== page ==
Author Archives: John Berry

Richard described his tussles with the publisher over the book’s title over concerns about public preconceptions limiting the books ‘shelf’ appeal should the wrong impression be given. Those preconceptions originating in the large volume of writings on, or set in, Yorkshire since the Industrial Revolution driven by demand from the increasingly affluent residents of the West Yorkshire Towns; many of whom were immigrants from other parts of Britain who wanted to know about their new home. Richard noted that inward migration and geology/geography are highly significant drivers of human activity throughout Yorkshire’s history influencing culture, language and the built environment; as well as its shifting boundaries and loyalties over time. From the Iron Age Parisi who lived in South Yorkshire near Hull (they came from around, and gave their name to, Paris) to the Normans who finally welded Yorkshire into the Kingdom of England by turning much of it into a wasteland: Romans, Welsh, Angles and Vikings have all ruled over all or parts of Yorkshire. All attracted to Yorkshire by the rich soils of the Vale of York and its stone, minerals and other resources most notably wool; all have left their mark on the Landscape and Language: all are ancestral to those that live here today. Yorkshire centred on York was for centuries a rival centre of wealth and power to London and the South, which anyone who would rule England had to control. The many great Castles, Estates and Monasteries which still inhabit the landscape are a legacy of this; and so are the sites of the great battles fought over them along the narrow corridor between the impassable marshy east and hilly west. The many navigable rivers; which made marshes and up which invaders rowed, also facilitated trade from an early date. In medieval times the unique qualities of Yorkshire wool became a prized resource for the weaving of fine cloth in Flanders and Italy. Wool production and trade thus became a major driver Yorkshire’s economy and the development of a local cloth industry. The wealth and skills accumulated leading to the early adoption of industrialised cloth manufacture and to those affluent, literate folk who wanted to read about Yorkshire. But this is where we came in.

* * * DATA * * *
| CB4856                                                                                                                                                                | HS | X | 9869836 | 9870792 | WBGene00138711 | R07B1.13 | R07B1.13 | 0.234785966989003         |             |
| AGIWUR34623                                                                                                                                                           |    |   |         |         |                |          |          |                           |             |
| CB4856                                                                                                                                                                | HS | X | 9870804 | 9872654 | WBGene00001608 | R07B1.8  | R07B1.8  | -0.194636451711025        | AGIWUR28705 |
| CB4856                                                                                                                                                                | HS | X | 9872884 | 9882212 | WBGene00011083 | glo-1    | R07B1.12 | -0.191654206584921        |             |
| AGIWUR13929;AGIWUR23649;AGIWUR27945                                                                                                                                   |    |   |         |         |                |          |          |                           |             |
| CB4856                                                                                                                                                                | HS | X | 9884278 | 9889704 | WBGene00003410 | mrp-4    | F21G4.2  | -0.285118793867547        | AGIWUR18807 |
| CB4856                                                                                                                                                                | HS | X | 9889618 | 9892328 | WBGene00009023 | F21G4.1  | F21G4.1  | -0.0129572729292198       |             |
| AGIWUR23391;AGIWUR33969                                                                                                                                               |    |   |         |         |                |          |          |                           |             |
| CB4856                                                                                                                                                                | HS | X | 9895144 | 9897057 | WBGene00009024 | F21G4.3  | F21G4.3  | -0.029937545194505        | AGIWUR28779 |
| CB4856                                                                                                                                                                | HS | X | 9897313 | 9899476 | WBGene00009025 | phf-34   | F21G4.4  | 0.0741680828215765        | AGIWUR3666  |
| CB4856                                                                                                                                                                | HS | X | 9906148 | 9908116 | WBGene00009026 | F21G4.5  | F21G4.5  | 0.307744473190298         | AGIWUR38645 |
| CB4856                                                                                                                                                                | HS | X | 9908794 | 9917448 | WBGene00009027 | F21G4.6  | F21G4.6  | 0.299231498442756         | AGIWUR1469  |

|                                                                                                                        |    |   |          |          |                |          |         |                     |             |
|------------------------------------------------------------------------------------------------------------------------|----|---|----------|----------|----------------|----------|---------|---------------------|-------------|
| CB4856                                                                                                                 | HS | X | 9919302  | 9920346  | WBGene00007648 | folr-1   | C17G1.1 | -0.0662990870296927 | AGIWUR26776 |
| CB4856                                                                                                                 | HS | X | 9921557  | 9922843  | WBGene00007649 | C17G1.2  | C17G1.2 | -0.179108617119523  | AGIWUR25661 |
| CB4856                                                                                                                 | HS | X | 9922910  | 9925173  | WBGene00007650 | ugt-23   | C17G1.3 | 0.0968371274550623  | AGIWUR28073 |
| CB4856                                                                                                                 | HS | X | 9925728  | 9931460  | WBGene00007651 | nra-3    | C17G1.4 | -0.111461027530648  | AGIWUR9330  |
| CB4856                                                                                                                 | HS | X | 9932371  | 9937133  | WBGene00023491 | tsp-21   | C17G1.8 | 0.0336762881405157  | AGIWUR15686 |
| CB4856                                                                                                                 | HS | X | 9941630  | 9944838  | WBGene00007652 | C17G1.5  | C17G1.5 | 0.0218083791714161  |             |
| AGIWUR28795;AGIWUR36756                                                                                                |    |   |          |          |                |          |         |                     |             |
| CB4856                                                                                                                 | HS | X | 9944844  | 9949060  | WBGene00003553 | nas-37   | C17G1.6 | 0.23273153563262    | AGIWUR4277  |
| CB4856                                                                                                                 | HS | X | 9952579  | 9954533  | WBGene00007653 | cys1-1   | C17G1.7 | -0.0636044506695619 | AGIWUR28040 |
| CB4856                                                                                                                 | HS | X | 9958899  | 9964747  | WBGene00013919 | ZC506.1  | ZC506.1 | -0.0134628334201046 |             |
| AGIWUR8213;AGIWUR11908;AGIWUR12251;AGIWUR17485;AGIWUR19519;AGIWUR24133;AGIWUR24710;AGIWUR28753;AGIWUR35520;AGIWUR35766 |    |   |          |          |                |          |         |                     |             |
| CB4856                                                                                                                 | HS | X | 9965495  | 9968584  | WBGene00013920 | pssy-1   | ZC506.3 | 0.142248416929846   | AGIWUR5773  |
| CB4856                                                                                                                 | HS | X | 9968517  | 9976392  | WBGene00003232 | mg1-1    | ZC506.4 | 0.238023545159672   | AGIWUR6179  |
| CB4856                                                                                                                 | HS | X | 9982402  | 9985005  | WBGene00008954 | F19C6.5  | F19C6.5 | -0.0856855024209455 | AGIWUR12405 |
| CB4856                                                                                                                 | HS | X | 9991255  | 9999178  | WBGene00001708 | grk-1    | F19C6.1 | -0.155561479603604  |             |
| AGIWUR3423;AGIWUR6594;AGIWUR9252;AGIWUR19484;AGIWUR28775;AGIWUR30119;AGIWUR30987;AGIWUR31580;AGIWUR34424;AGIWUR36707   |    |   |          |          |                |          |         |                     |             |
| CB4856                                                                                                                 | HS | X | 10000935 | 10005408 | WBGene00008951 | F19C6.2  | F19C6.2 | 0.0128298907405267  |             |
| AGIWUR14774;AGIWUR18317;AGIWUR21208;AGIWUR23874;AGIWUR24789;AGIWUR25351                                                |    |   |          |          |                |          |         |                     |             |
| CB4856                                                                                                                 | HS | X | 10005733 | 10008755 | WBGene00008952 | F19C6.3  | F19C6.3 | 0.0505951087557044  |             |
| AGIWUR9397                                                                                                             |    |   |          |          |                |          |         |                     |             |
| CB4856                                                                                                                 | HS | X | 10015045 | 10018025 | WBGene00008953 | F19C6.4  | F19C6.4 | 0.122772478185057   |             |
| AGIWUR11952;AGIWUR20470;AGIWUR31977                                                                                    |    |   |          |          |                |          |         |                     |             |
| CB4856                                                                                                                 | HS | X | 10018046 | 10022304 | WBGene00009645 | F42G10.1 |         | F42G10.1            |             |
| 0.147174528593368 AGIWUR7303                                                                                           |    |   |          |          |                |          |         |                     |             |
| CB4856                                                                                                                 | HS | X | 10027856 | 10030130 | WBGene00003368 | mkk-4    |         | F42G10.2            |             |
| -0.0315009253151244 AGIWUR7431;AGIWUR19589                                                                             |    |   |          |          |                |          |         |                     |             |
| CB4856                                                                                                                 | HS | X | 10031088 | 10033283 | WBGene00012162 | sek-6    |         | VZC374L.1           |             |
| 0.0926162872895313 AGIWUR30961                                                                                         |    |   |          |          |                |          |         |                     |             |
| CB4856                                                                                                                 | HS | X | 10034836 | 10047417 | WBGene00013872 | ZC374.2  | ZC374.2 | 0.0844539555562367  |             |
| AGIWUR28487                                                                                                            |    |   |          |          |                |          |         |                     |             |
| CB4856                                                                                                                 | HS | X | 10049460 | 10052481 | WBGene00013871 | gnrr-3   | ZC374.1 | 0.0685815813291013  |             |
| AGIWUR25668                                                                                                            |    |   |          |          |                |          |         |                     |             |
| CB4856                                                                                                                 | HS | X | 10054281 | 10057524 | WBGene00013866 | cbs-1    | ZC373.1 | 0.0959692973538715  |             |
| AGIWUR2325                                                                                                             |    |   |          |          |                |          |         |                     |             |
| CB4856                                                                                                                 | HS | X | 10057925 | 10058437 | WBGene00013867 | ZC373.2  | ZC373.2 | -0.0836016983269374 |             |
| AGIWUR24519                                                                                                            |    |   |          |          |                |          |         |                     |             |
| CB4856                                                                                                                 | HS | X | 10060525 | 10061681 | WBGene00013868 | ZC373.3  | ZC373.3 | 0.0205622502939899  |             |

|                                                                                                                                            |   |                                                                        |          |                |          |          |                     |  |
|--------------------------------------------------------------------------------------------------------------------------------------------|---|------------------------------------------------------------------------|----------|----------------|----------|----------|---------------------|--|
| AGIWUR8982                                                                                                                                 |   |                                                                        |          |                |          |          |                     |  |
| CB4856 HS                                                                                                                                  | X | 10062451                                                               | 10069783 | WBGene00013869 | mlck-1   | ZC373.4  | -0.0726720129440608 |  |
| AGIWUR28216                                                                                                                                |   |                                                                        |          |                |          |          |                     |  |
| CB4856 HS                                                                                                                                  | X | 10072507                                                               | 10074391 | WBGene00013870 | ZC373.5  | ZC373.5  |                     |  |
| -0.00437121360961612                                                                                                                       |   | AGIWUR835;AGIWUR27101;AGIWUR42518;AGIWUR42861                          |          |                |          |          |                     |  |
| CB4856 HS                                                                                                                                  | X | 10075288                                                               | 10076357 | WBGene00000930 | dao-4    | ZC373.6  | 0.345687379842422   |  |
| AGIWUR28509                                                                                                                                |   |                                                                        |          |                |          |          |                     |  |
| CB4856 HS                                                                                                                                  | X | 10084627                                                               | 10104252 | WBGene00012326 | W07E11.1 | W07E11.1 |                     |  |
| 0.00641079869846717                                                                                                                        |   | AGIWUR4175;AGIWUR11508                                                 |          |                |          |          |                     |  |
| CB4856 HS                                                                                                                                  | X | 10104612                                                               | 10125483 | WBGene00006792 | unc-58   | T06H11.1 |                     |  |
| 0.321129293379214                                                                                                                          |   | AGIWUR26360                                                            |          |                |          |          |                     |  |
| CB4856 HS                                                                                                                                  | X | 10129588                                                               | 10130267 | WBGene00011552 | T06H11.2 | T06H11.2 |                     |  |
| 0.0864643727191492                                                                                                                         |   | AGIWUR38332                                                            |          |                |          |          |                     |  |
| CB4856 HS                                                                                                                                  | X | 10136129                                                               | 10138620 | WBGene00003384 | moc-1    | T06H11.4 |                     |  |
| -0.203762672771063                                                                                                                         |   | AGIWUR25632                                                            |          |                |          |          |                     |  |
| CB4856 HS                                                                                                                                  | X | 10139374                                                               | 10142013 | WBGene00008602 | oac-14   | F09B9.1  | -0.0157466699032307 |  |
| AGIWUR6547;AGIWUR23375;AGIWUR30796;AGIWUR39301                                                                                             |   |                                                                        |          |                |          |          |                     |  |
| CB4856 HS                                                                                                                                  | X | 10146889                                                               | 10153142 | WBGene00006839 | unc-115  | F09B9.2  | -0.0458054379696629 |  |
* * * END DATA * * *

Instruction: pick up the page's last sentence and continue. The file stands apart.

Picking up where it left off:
Susan Owens is a freelance writer, curator and art historian – until a few years ago Curator of Paintings at the Victoria and Albert Museum in London. She says she’s now transitioning to becoming a ‘cultural’ historian, and this broadening of approach certainly showed in her deeply fascinating lecture. The Waterfront Hall was packed (yet again!) to hear her talk about how the ghost has been represented in British art and literature from medieval times until the present day. What a brilliant and unexpected subject!

Susan’s book The Ghost; a Cultural History was published by Tate in 2017, and she began her talk by explaining where the idea had come from. When she and her husband moved from London to an ancient house in a Suffolk village five years ago, she said, she was surprised that the most frequent question her friends asked about it was ‘is it haunted’? This set her thinking …